Read more about ransomware
- An apparent ransomware attack has compromised some IT and email systems at Danish facilities firm ISS World.
- By subverting kernel memory settings in Windows 7, Windows 8 and Windows 10, the RobbinHood ransomware can now delete cyber security defences from target systems.
- Ransomware attacks against the NHS have tapered off dramatically, according to statistics obtained under FoI legislation, but this does not mean the threat has diminished.
Carl Wearn, head of e-crime at Mimecast, said that up to now, cyber attacks on local government have been more widespread in the US, with UK authorities unscathed. But this now seemed to be changing.
“Mimecast’s latest threat research shows a clear concentration of threat actors’ effort on the insertion of ransomware,” said Wearn. “Ransomware continues to be the preferred attack method for threat actors due to the monetary gains available if successful.
“It should be considered a key threat across all regions, not just in the UK, as criminals seeks to exploit the perceived success of this form of cyber attack before significant regulatory and industry-based resilience measures render this attack more difficult to carry out.”
Matt Rahman, chief operating officer at IOActive, said Redcar & Cleveland Council had been far too reactive, and calls for a serious review of its systems were justified.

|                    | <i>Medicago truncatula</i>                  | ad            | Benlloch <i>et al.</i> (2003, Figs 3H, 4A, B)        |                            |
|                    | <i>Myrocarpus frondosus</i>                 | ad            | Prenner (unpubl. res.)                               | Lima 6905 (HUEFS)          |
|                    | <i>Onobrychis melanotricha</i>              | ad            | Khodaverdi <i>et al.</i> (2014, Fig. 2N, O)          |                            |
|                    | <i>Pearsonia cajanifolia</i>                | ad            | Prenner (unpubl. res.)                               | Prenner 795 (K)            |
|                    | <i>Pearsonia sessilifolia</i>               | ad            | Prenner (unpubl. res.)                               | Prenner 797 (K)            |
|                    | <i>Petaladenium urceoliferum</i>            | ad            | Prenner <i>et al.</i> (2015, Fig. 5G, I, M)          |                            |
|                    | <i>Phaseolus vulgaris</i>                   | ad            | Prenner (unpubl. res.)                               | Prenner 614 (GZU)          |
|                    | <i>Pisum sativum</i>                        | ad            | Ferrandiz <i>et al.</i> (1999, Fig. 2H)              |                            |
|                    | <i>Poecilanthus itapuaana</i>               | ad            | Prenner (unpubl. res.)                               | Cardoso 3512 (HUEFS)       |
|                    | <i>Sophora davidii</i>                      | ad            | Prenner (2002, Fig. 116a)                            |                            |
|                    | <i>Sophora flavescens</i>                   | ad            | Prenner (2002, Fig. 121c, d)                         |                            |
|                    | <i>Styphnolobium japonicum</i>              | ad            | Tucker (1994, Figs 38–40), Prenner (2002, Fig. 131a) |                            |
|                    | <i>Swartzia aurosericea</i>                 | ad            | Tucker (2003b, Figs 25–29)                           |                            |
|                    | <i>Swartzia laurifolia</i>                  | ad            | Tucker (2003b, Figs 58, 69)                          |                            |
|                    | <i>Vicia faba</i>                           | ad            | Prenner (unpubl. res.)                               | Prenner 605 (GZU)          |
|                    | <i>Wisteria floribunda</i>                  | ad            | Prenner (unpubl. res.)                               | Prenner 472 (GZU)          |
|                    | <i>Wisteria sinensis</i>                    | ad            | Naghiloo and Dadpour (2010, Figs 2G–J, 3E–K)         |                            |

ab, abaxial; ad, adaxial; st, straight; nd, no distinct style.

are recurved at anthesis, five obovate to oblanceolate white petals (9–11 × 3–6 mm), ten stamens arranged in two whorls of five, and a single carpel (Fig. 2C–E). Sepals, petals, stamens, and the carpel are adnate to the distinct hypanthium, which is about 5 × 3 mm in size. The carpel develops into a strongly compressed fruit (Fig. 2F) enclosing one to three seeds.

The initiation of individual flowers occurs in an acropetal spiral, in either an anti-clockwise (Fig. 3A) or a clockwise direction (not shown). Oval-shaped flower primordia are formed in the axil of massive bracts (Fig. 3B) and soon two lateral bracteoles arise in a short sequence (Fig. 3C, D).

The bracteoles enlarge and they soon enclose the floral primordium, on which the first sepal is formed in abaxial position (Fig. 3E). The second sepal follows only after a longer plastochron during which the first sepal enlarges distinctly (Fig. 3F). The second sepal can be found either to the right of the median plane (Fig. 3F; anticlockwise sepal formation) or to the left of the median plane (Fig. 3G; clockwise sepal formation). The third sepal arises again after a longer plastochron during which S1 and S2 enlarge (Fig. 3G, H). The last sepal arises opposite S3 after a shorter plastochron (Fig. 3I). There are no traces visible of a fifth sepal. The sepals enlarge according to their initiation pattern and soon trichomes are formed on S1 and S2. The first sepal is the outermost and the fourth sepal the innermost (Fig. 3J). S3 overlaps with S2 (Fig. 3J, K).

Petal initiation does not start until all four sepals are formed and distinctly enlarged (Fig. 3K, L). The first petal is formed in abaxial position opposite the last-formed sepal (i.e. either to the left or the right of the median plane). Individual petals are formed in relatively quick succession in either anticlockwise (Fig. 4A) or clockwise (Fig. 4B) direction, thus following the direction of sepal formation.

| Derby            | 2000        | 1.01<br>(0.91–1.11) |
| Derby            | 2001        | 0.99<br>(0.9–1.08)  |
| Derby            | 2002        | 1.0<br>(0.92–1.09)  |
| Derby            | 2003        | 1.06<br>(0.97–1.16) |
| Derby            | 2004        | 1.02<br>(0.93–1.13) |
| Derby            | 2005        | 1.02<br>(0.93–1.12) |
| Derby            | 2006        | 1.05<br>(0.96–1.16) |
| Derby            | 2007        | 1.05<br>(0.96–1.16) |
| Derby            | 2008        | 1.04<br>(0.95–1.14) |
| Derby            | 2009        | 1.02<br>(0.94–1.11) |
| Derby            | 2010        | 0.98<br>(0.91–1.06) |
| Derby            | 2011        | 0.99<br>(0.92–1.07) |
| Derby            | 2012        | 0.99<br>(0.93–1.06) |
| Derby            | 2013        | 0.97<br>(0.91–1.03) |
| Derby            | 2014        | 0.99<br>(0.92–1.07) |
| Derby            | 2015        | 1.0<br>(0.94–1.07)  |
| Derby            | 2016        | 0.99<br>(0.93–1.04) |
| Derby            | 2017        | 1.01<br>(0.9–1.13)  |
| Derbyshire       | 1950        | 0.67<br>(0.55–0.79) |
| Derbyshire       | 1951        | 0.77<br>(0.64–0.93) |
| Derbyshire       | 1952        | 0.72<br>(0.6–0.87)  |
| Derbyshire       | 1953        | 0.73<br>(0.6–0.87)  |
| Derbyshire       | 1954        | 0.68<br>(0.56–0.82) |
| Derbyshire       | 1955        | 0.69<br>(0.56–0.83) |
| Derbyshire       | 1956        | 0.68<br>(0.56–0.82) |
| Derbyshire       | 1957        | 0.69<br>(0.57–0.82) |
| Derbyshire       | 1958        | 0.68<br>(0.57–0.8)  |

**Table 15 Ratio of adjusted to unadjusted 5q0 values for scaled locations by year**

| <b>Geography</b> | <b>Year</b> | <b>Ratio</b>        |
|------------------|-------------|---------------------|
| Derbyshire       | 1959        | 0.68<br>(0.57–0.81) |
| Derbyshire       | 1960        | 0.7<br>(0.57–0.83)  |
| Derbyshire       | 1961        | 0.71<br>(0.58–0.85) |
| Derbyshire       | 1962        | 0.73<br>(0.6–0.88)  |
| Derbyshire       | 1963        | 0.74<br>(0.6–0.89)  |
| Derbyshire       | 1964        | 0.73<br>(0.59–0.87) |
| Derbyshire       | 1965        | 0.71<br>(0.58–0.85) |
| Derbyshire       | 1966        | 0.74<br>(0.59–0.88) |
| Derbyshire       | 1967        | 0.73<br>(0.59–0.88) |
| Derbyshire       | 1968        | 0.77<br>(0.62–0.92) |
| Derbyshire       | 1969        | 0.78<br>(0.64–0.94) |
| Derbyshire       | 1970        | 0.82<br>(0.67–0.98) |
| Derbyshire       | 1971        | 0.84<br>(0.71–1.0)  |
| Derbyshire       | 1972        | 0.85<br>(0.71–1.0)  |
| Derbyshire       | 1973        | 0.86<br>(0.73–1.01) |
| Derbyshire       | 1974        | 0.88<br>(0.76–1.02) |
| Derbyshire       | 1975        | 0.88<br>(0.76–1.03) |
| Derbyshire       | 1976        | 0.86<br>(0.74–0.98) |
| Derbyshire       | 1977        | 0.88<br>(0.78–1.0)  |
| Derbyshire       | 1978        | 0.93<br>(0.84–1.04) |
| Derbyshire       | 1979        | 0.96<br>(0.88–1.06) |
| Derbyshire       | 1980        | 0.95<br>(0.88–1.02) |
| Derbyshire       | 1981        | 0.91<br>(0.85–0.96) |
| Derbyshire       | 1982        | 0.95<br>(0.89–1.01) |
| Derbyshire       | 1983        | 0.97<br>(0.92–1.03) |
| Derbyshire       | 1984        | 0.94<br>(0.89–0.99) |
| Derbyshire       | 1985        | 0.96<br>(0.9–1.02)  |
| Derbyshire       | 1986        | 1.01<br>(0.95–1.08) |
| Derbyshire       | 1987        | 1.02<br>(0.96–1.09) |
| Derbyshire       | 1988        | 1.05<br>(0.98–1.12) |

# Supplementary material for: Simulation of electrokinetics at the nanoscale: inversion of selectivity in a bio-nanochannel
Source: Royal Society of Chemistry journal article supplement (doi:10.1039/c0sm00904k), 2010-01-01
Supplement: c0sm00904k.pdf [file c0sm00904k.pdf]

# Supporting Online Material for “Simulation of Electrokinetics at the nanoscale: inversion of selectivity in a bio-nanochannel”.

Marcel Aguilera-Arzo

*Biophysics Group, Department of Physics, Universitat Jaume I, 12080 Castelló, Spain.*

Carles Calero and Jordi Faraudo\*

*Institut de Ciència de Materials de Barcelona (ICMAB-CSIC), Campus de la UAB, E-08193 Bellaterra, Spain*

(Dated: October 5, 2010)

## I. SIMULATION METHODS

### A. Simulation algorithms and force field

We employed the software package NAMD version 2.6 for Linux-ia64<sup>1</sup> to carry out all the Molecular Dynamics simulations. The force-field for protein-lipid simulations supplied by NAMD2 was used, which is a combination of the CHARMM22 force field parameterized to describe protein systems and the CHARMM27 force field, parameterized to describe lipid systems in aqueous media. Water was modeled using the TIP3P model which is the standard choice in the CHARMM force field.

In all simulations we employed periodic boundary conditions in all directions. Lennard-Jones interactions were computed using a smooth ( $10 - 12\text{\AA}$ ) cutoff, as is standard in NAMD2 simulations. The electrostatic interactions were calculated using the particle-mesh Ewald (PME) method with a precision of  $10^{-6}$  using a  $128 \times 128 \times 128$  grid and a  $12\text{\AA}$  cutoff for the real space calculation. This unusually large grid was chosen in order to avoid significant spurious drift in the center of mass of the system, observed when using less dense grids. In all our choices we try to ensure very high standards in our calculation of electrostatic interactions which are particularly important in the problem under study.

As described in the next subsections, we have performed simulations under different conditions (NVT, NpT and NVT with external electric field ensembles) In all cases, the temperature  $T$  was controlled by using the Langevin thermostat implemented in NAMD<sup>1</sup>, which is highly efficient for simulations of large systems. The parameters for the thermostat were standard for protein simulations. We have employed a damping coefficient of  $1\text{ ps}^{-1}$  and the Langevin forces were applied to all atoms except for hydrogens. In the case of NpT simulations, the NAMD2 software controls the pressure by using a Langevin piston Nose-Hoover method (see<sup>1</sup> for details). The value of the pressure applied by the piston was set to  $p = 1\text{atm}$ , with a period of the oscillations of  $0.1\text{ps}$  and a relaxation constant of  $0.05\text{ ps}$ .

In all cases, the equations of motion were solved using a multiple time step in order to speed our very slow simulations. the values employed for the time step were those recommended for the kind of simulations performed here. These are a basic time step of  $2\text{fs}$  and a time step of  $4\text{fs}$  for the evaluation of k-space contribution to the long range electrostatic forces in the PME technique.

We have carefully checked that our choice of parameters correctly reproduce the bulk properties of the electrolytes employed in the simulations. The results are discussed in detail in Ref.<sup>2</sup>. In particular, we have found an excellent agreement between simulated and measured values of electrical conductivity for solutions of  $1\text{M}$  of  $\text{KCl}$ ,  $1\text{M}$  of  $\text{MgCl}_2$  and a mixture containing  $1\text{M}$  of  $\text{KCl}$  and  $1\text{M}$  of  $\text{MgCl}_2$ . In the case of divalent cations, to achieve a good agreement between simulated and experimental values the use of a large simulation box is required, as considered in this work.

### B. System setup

“Organisations need to look at their infrastructure from a hacker’s perspective – adding defensive mechanisms after the event is simply too late,” he said. “Incidents like this are only going to become more common as more products and systems become connected. The digital transformation that’s occurring is changing how everyone looks at security, but it is still possible to be secure.
“Organisations need to look at the process from end to end, how it’s being digitised, how devices are being used, connected and who is using them, to truly get a strong gauge of their cyber security posture.”
Wearn added: “Sensible precautions such as non-networked backups, email and archiving fall-backs need to be utilised as a matter of course before this current tide can be stemmed.”